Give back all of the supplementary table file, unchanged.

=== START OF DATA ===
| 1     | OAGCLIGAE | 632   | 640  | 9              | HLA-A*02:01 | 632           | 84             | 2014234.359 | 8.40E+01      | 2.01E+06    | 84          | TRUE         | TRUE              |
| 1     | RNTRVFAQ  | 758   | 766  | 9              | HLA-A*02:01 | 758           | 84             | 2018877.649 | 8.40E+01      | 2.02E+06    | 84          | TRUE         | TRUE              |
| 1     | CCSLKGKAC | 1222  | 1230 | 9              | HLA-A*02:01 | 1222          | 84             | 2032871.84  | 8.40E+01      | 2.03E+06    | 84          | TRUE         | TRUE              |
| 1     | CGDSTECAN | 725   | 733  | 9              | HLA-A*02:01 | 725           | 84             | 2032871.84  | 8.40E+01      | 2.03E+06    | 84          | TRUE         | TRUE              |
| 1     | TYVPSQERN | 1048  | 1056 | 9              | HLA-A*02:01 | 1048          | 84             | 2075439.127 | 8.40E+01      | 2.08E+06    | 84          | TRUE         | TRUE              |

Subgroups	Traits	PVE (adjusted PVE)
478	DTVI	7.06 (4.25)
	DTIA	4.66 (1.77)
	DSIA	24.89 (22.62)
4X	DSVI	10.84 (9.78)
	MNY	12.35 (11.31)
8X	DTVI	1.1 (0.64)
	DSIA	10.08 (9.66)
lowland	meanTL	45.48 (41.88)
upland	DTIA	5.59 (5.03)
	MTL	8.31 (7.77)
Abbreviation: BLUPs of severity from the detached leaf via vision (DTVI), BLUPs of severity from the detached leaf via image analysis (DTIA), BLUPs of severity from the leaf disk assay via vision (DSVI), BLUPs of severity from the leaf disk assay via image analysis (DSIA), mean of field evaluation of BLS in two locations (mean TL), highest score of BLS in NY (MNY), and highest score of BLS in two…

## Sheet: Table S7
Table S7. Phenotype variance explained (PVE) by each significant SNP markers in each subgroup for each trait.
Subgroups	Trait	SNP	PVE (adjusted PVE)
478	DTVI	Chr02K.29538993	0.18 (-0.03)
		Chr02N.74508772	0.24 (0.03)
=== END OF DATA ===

| 1     | OAGCLIGAE | 632   | 640  | 9              | HLA-A*02:01 | 632           | 84             | 2014234.359 | 8.40E+01      | 2.01E+06    | 84          | TRUE         | TRUE              |
| 1     | RNTRVFAQ  | 758   | 766  | 9              | HLA-A*02:01 | 758           | 84             | 2018877.649 | 8.40E+01      | 2.02E+06    | 84          | TRUE         | TRUE              |
| 1     | CCSLKGKAC | 1222  | 1230 | 9              | HLA-A*02:01 | 1222          | 84             | 2032871.84  | 8.40E+01      | 2.03E+06    | 84          | TRUE         | TRUE              |
| 1     | CGDSTECAN | 725   | 733  | 9              | HLA-A*02:01 | 725           | 84             | 2032871.84  | 8.40E+01      | 2.03E+06    | 84          | TRUE         | TRUE              |
| 1     | TYVPSQERN | 1048  | 1056 | 9              | HLA-A*02:01 | 1048          | 84             | 2075439.127 | 8.40E+01      | 2.08E+06    | 84          | TRUE         | TRUE              |

Subgroups	Traits	PVE (adjusted PVE)
478	DTVI	7.06 (4.25)
	DTIA	4.66 (1.77)
	DSIA	24.89 (22.62)
4X	DSVI	10.84 (9.78)
	MNY	12.35 (11.31)
8X	DTVI	1.1 (0.64)
	DSIA	10.08 (9.66)
lowland	meanTL	45.48 (41.88)
upland	DTIA	5.59 (5.03)
	MTL	8.31 (7.77)
Abbreviation: BLUPs of severity from the detached leaf via vision (DTVI), BLUPs of severity from the detached leaf via image analysis (DTIA), BLUPs of severity from the leaf disk assay via vision (DSVI), BLUPs of severity from the leaf disk assay via image analysis (DSIA), mean of field evaluation of BLS in two locations (mean TL), highest score of BLS in NY (MNY), and highest score of BLS in two…

## Sheet: Table S7
Table S7. Phenotype variance explained (PVE) by each significant SNP markers in each subgroup for each trait.
Subgroups	Trait	SNP	PVE (adjusted PVE)
478	DTVI	Chr02K.29538993	0.18 (-0.03)
		Chr02N.74508772	0.24 (0.03)